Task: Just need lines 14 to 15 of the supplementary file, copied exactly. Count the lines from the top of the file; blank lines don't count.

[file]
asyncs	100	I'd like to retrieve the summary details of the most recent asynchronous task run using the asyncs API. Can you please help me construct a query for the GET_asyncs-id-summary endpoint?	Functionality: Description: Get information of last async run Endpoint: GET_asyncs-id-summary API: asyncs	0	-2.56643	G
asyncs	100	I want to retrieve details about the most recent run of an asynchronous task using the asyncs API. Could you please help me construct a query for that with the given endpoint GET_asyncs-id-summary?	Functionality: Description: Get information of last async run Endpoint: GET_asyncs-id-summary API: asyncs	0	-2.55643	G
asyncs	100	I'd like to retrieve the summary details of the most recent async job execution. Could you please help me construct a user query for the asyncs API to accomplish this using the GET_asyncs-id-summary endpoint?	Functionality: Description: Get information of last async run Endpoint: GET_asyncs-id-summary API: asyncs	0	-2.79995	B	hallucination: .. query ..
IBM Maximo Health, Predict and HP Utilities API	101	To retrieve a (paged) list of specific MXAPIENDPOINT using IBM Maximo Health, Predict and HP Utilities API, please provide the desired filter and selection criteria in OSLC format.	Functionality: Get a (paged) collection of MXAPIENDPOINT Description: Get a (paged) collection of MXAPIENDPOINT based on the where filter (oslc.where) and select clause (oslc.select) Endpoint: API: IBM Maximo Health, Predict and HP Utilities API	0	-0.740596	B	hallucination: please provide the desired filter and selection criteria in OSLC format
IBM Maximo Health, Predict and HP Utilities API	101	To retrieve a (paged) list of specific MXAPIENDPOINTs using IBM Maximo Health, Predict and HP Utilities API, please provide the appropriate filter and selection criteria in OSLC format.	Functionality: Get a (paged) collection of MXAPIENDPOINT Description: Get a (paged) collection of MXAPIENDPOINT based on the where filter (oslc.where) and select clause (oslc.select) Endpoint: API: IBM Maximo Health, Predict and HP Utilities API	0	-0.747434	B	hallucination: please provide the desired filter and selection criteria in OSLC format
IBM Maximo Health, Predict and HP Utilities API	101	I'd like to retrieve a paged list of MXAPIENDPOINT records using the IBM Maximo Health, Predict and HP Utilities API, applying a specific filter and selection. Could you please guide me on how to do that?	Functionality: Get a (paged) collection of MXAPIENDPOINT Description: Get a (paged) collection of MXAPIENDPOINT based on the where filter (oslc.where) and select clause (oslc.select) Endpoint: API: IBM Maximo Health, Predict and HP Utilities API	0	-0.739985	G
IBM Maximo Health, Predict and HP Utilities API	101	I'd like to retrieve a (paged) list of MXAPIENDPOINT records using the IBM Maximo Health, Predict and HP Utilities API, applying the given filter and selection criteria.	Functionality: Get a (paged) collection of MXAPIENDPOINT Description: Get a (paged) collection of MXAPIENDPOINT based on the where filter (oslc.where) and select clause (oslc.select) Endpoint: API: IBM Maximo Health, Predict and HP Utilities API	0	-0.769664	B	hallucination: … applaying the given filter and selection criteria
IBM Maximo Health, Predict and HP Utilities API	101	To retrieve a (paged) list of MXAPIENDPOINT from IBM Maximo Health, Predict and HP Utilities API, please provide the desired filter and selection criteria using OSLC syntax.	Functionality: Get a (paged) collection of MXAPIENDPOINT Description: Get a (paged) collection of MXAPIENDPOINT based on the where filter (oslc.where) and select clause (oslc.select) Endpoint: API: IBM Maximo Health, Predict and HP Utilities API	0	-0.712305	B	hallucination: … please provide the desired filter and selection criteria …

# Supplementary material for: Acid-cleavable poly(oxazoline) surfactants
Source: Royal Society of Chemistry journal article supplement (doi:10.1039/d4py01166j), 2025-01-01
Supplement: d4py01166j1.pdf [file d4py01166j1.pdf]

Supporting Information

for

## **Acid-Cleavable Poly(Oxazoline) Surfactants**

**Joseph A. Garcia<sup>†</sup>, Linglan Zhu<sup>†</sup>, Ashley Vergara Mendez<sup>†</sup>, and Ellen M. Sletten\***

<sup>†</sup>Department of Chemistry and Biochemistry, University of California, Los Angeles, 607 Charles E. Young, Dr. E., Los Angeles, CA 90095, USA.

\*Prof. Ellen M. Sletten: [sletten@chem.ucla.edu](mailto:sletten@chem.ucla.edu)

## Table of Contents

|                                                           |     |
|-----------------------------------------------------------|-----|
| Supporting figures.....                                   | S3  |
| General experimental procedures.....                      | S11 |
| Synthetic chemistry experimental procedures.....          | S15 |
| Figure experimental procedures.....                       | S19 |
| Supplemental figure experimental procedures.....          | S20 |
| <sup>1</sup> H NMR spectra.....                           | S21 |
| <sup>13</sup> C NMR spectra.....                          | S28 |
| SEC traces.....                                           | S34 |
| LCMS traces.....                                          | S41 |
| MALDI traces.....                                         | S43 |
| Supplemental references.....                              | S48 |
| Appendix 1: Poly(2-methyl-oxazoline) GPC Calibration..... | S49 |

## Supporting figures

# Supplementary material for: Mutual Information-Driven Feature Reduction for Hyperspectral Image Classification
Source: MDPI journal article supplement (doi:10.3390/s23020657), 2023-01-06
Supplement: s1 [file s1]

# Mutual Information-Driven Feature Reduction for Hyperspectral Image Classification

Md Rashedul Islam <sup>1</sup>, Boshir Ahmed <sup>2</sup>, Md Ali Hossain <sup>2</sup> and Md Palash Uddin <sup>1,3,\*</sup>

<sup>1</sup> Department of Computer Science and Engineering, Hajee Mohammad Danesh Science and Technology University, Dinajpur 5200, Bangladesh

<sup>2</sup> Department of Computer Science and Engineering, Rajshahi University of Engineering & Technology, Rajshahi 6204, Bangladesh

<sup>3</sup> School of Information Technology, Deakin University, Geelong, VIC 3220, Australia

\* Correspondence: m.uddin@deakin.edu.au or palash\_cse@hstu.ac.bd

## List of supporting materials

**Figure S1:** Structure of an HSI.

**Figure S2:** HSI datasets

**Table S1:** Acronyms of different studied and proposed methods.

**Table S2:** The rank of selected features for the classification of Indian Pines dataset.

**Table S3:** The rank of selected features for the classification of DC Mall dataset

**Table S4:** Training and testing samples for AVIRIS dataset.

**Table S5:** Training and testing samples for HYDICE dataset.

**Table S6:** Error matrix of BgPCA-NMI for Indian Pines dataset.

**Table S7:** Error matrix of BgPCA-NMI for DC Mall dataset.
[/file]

## **Acid-Cleavable Poly(Oxazoline) Surfactants**

**Joseph A. Garcia<sup>†</sup>, Linglan Zhu<sup>†</sup>, Ashley Vergara Mendez<sup>†</sup>, and Ellen M. Sletten\***